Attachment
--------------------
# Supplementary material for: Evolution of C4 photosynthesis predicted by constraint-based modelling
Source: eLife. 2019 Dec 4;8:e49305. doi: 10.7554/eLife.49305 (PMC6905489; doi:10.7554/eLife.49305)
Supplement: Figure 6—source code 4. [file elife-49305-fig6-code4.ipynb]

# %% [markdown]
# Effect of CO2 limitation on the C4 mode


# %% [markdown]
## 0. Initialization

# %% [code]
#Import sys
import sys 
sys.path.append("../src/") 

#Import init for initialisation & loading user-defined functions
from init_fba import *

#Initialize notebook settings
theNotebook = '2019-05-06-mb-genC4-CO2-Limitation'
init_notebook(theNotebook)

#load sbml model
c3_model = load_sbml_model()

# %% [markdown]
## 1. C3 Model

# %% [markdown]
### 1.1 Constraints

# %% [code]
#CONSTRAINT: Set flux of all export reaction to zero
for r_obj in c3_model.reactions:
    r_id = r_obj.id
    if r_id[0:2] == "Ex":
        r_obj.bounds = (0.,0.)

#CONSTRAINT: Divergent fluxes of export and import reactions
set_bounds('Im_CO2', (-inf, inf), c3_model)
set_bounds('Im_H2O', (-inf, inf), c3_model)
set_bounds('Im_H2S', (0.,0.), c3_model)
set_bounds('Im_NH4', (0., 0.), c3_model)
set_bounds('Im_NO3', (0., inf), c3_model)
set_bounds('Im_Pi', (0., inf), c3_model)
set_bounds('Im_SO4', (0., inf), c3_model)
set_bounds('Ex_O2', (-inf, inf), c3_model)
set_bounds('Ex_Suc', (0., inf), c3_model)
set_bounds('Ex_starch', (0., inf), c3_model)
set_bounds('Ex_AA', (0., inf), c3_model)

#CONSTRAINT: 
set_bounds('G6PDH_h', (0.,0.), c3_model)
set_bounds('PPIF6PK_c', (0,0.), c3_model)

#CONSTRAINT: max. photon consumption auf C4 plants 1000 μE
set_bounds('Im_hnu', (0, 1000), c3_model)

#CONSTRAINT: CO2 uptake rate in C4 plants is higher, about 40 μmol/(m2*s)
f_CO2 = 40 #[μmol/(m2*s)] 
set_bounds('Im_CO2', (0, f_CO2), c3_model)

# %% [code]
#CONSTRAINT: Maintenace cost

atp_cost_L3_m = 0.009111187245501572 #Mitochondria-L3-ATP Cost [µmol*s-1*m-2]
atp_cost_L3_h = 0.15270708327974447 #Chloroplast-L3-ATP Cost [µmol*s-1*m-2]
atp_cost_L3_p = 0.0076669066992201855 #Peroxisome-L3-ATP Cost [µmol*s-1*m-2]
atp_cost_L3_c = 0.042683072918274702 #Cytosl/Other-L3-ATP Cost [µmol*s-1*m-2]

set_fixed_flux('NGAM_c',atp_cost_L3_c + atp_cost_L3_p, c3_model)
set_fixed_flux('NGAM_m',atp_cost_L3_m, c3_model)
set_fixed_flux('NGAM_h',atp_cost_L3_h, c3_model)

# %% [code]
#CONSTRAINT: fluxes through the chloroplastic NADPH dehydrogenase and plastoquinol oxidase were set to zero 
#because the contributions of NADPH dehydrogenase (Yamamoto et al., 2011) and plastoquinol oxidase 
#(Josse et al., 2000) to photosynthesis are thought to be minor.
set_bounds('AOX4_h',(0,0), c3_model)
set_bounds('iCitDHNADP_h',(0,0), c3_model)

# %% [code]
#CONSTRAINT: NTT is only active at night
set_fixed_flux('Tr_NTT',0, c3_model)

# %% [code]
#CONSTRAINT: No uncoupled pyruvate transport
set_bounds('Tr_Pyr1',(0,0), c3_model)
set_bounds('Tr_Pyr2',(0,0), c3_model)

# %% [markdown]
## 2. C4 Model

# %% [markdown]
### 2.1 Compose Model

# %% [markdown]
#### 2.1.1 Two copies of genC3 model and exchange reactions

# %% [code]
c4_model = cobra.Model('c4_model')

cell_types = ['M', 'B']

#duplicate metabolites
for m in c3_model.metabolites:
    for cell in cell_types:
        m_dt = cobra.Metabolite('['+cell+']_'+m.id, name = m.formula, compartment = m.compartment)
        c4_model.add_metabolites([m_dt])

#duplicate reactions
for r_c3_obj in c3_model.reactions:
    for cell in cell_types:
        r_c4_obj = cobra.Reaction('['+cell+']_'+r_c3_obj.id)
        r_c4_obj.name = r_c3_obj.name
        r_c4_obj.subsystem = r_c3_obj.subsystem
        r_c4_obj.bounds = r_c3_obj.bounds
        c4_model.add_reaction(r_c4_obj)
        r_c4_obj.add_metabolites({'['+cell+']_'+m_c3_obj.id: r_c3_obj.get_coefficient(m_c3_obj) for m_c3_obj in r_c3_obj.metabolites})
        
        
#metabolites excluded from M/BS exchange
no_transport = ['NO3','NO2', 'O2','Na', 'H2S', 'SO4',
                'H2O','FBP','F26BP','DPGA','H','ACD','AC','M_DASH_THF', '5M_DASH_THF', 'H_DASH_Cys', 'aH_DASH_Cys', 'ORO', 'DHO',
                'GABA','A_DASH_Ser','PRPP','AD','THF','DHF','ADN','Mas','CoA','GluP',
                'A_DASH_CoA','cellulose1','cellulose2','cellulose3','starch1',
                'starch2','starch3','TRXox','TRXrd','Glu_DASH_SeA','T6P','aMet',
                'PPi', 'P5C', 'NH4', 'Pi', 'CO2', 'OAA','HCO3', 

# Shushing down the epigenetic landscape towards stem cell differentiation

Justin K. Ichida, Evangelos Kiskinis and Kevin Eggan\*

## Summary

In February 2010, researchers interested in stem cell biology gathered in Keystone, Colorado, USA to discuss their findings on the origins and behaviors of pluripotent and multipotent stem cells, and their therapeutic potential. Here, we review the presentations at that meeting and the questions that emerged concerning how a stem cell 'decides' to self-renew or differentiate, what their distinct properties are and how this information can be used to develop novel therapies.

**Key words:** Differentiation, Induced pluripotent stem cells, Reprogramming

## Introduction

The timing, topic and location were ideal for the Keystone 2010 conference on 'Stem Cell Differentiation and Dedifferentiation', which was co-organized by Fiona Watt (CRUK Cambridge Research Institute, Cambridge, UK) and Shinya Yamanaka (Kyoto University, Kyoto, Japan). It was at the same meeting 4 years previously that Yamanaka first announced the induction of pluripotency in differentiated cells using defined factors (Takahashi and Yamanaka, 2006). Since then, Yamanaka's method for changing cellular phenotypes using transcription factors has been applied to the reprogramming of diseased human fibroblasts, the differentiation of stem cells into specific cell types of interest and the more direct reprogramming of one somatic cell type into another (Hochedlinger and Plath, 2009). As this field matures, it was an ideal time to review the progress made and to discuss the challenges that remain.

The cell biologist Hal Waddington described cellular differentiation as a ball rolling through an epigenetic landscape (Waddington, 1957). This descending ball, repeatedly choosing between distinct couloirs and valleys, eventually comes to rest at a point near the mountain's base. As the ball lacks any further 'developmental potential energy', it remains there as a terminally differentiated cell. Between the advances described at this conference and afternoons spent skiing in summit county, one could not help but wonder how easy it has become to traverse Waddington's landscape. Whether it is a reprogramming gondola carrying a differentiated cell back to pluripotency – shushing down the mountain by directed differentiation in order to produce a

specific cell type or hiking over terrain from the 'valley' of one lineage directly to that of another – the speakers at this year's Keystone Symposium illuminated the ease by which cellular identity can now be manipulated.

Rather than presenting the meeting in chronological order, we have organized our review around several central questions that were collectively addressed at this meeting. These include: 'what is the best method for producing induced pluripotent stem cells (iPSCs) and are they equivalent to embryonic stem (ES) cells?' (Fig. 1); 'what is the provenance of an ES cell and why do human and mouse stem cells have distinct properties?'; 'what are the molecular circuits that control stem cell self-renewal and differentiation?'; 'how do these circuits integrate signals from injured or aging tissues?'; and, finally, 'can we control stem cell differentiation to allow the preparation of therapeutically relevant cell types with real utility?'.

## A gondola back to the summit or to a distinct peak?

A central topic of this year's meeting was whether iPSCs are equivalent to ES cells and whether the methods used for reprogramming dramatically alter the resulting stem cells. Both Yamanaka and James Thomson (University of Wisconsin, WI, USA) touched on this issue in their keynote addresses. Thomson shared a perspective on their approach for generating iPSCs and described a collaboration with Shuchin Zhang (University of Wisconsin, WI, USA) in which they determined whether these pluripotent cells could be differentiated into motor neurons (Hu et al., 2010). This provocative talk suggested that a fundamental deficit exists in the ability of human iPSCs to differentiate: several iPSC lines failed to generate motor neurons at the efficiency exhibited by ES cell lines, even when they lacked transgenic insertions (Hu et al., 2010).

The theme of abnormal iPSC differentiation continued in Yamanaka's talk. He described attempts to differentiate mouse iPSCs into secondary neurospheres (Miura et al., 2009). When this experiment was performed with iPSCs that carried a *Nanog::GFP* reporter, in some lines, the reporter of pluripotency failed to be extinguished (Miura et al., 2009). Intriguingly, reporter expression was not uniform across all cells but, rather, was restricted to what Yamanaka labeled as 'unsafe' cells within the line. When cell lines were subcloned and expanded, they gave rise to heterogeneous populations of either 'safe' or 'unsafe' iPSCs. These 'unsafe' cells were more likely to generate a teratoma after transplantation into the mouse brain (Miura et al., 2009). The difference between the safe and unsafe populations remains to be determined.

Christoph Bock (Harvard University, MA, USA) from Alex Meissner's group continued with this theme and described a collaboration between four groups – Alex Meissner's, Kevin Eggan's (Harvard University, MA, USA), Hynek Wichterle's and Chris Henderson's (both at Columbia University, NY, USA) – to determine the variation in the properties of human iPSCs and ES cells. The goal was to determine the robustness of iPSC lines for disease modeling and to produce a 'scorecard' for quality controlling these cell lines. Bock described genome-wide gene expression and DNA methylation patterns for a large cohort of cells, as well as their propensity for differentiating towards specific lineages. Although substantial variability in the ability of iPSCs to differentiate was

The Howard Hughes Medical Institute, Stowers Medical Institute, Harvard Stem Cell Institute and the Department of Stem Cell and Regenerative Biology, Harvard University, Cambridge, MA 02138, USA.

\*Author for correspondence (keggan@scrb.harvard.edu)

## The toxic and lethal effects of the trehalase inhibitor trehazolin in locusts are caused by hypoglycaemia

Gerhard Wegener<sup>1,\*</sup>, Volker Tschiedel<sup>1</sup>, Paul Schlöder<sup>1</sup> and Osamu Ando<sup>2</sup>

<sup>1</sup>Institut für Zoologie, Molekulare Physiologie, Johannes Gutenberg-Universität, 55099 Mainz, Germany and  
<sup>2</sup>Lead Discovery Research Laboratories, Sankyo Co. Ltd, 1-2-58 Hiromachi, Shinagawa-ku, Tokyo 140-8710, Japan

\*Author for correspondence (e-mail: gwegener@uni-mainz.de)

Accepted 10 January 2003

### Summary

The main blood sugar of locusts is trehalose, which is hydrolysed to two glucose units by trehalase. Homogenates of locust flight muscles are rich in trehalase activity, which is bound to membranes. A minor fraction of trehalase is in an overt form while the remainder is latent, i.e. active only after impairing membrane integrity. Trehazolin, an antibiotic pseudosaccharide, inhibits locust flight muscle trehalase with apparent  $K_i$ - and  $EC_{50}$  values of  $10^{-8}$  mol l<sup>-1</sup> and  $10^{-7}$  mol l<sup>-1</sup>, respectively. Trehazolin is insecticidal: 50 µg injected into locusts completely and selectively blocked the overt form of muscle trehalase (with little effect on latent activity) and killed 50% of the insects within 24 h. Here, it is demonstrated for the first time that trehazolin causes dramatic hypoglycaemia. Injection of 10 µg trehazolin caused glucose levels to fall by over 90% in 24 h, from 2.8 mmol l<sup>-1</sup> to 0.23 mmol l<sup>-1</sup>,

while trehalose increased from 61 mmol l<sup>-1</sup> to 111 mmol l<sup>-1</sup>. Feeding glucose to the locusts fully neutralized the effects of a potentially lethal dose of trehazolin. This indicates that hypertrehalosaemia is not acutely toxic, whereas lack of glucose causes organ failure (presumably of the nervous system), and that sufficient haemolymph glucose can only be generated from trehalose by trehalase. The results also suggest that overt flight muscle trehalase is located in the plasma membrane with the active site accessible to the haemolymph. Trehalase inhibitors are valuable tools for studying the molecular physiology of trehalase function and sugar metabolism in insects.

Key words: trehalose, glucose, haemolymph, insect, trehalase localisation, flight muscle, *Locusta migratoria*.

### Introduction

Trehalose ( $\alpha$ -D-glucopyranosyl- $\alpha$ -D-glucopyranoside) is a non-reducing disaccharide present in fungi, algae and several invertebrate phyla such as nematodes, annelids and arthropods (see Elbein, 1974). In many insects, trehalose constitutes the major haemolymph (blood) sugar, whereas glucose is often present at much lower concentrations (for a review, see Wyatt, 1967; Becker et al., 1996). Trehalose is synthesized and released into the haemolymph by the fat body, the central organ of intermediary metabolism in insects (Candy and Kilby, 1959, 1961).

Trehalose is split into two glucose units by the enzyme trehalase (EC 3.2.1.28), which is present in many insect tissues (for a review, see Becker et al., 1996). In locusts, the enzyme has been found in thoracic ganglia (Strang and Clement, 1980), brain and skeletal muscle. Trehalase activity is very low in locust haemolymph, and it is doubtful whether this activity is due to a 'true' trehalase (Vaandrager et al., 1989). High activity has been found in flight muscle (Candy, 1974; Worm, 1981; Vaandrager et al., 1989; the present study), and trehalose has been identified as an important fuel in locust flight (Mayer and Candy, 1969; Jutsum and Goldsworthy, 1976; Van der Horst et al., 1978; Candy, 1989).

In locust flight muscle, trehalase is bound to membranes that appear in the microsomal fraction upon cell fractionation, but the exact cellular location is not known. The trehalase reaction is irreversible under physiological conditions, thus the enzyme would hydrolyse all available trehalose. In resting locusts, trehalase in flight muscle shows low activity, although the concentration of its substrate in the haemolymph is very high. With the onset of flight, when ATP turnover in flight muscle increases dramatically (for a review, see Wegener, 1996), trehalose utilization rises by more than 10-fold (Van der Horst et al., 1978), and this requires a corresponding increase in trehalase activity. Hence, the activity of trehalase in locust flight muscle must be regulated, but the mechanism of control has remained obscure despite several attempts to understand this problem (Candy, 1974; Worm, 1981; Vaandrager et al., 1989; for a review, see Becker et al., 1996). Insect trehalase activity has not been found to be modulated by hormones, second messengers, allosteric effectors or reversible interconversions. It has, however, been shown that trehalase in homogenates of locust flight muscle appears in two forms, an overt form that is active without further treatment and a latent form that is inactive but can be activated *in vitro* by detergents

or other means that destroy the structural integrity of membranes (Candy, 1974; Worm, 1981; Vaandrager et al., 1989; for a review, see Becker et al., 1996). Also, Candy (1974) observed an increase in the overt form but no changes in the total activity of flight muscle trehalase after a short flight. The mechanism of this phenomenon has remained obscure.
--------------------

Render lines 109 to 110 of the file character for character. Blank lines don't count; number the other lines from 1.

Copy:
specific cell type or hiking over terrain from the 'valley' of one lineage directly to that of another – the speakers at this year's Keystone Symposium illuminated the ease by which cellular identity can now be manipulated.

Rather than presenting the meeting in chronological order, we have organized our review around several central questions that were collectively addressed at this meeting. These include: 'what is the best method for producing induced pluripotent stem cells (iPSCs) and are they equivalent to embryonic stem (ES) cells?' (Fig. 1); 'what is the provenance of an ES cell and why do human and mouse stem cells have distinct properties?'; 'what are the molecular circuits that control stem cell self-renewal and differentiation?'; 'how do these circuits integrate signals from injured or aging tissues?'; and, finally, 'can we control stem cell differentiation to allow the preparation of therapeutically relevant cell types with real utility?'.